ANNAPOLIS – The Maryland Court of Appeals reversed a lower court decision Tuesday and ruled that a candidate for the House of Delegates, who lived with his girlfriend while campaigning, was a legal resident of their Montgomery County district.
The court, voting 5-2, held that Anthony Roberts of Silver Spring was eligible to run for the 1994 Republican nomination to District 14A. The ruling shuts the door on any attempt by Steven Lakin, another candidate, to call for a new election.
Lakin had filed a lawsuit in August 1994 to block Roberts from running, alleging that Roberts did not live in the district. A month later, Circuit Judge J. James McKenna ordered the State Board of Elections and the Montgomery County Board of Supervisors to remove Roberts’ name from the ballot.
Roberts and his attorneys immediately appealed to the Court of Special Appeals, which blocked the judge’s order to remove Roberts’ name.
Lakin came in second in the Republican primary to Del. Patricia Faulkner, who won by a mere 78 votes. While Roberts came in last, the 100 votes he pulled could have changed the primary’s outcome, Judge John C. Eldridge noted in writing for the Court of Appeals’ majority.
Torin Andrews, Lakin’s lead attorney, commented that “if they had decided that [Roberts’ name] should have been off, then we may have had to have a new election. The Court of Appeals doesn’t want to get into the business of overturning elections.”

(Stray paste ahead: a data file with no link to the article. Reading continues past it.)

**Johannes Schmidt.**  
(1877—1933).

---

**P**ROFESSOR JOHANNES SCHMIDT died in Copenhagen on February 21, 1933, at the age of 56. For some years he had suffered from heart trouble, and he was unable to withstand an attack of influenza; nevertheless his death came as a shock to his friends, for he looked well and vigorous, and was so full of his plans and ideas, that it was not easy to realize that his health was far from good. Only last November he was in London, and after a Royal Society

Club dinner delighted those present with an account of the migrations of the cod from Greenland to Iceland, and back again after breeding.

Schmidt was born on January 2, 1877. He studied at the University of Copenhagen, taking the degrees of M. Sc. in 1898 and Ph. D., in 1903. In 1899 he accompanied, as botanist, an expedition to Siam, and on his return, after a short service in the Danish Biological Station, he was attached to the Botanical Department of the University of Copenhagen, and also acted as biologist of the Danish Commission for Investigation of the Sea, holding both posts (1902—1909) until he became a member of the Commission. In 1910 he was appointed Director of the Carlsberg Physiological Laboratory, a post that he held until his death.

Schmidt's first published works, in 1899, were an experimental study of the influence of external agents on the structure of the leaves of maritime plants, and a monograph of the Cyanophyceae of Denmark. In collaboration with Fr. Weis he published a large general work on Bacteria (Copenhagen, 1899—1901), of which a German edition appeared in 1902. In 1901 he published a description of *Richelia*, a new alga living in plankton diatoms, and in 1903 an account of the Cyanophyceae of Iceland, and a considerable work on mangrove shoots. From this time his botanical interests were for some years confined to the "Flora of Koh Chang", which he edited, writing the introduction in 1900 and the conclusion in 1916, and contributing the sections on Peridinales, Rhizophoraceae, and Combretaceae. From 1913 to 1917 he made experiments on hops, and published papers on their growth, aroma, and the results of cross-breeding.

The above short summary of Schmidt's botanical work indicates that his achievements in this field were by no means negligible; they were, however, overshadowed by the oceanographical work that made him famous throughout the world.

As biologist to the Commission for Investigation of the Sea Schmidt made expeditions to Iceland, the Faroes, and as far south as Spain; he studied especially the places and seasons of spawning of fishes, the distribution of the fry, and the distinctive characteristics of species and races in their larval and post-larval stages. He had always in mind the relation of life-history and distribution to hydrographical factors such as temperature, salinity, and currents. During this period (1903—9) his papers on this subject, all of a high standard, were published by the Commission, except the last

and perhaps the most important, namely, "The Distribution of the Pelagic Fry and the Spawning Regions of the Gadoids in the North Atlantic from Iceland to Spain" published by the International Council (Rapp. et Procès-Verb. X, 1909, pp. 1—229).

The residency issue turned on Roberts’ move in January 1993 into his girlfriend’s home on Pamela Drive in Spencerville, in District 14A. At the same time, he maintained his previous residence on Colgate Way in Silver Spring, in the 20th district.
Roberts told the trial court he kept the second address because his girlfriend’s daughter had pets to which he was allergic.
But the court found it significant that “Roberts changed his voter registration to reflect his move to Pamela Drive” prior to May 8, 1994 — longer than six months before the election, the residency threshold specified in the Maryland Constitution.
The court also cited Roberts’ trial testimony that “he had his own set of keys to his girlfriend’s house, knew the combination to the alarm system, kept some of his clothing there, and cut the grass.”
In addition, Roberts changed his mailing address to Pamela Drive and his church membership to one in District 14A, factors that led the court to rule that Roberts’ intent was to “reside” in 14A.
Roberts moved to a third address — an apartment on Blackburn Lane, still in District 14A — in September 1994, according to the record in his trial. -30-